The summer before my sophomore year, I actually spent time researching the organizations on my campus and thinking about why I wanted to be a part of a sorority. I thought about the difference I wanted to make, the principles that are true to my heart and the footprints I wanted to create for others to walk in. It wasn’t until then that I knew the real reason I wanted to join a sorority. To this day, I can still tell everyone why I joined my organization and the impact I was able to create because I knew my organization was for me.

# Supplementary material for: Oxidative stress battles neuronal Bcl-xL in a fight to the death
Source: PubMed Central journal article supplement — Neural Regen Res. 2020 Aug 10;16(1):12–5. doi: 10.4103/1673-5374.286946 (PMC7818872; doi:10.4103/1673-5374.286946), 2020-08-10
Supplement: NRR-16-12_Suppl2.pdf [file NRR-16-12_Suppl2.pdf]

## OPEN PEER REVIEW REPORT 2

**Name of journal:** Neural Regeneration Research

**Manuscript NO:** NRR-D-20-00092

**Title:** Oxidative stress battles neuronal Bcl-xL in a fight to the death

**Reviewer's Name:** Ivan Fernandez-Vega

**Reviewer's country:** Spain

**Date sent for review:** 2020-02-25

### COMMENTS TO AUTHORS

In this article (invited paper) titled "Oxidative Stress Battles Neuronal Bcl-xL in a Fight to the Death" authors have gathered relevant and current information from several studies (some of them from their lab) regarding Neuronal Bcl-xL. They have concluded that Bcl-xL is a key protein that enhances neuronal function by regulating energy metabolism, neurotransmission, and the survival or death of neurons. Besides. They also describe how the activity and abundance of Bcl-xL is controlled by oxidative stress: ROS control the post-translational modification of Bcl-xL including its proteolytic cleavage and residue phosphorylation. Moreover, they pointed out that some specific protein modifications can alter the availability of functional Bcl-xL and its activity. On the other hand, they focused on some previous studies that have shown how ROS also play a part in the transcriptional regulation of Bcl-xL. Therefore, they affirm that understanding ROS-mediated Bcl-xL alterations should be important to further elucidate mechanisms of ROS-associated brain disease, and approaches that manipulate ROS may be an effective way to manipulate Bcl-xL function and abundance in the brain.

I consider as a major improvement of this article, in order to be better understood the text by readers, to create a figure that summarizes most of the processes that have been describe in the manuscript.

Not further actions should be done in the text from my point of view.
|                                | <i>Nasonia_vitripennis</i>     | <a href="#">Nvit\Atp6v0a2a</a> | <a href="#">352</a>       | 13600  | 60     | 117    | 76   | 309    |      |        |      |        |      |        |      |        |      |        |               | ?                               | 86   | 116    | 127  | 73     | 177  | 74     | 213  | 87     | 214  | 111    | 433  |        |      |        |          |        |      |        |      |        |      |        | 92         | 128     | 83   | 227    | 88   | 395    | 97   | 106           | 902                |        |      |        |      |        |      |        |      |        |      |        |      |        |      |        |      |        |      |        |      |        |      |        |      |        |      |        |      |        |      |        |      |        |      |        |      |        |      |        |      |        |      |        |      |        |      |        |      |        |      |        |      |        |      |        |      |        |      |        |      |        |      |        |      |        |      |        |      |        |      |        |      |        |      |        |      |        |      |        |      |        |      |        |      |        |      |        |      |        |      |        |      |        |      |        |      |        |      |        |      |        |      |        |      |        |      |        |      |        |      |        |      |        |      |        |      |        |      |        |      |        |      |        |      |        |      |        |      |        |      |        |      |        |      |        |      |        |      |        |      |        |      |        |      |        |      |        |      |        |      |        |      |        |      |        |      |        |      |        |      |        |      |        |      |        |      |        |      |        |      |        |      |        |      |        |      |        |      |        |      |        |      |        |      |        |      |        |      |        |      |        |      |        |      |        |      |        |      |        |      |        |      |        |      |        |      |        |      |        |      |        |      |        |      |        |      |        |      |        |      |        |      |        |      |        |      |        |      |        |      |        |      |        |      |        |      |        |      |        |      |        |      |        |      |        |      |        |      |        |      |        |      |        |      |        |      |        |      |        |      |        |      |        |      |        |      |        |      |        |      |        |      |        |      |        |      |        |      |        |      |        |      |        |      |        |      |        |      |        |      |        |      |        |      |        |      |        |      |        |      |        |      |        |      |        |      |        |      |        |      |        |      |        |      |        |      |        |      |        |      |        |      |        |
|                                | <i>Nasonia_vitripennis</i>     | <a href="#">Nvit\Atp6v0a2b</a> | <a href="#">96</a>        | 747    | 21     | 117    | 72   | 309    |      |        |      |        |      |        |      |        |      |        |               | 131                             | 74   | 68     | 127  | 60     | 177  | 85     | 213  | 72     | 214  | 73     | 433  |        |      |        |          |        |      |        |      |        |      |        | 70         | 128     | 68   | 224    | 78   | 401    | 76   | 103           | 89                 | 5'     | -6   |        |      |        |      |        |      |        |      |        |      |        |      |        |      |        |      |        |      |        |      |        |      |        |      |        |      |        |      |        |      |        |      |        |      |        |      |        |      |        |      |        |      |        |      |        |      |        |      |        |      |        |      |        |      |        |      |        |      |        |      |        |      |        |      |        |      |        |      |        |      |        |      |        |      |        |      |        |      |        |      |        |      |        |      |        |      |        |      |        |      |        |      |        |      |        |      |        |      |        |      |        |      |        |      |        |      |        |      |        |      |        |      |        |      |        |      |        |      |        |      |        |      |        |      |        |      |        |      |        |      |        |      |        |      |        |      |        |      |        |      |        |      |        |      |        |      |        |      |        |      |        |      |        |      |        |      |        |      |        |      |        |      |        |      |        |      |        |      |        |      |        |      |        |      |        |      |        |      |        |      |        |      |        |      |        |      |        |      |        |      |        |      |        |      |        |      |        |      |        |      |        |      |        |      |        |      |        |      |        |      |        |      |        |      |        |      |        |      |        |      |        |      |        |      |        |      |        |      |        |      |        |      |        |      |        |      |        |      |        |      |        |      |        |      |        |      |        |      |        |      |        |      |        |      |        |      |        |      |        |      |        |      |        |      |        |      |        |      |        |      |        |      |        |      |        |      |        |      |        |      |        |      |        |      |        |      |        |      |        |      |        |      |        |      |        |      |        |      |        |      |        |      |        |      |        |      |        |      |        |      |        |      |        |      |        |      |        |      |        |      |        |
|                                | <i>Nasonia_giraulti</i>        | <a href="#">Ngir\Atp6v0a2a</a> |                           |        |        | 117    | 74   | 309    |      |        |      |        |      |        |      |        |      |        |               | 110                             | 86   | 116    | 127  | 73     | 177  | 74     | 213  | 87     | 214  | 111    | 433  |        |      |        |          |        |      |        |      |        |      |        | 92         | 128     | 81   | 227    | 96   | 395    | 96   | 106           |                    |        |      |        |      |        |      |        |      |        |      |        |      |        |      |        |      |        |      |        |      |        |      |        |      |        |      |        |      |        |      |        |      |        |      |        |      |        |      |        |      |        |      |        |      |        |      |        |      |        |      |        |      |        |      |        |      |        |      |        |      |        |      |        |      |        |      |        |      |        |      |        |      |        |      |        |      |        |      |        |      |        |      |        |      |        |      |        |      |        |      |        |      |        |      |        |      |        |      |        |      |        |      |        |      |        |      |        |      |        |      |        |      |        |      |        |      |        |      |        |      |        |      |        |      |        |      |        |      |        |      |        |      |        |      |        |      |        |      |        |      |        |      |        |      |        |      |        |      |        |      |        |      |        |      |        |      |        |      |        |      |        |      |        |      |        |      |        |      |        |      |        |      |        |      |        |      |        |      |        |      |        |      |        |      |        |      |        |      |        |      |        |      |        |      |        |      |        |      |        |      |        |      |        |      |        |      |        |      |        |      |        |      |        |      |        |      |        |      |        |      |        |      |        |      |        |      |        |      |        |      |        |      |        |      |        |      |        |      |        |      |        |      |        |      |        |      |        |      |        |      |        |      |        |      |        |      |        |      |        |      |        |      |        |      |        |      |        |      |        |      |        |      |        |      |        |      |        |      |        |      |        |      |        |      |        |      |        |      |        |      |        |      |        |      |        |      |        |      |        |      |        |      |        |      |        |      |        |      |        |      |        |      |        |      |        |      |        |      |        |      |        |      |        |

So, should you rush or go through the intake process? Only if your reasons are not superficial. I can go into a million things people say, and try to convince you that going Greek is the best decision you’ll ever make. But I won’t do that because being a part of any organization may not be the best decision for YOU. People who choose to join an organization for the wrong reasons are typically the same people who give Greek life a bad name. Don’t become one of those people. Think before you take the first step, and become a part of any organization that you feel will help you to become a better person. You don’t want to wake up one day and regret the decisions you made because you chose to follow the crowd.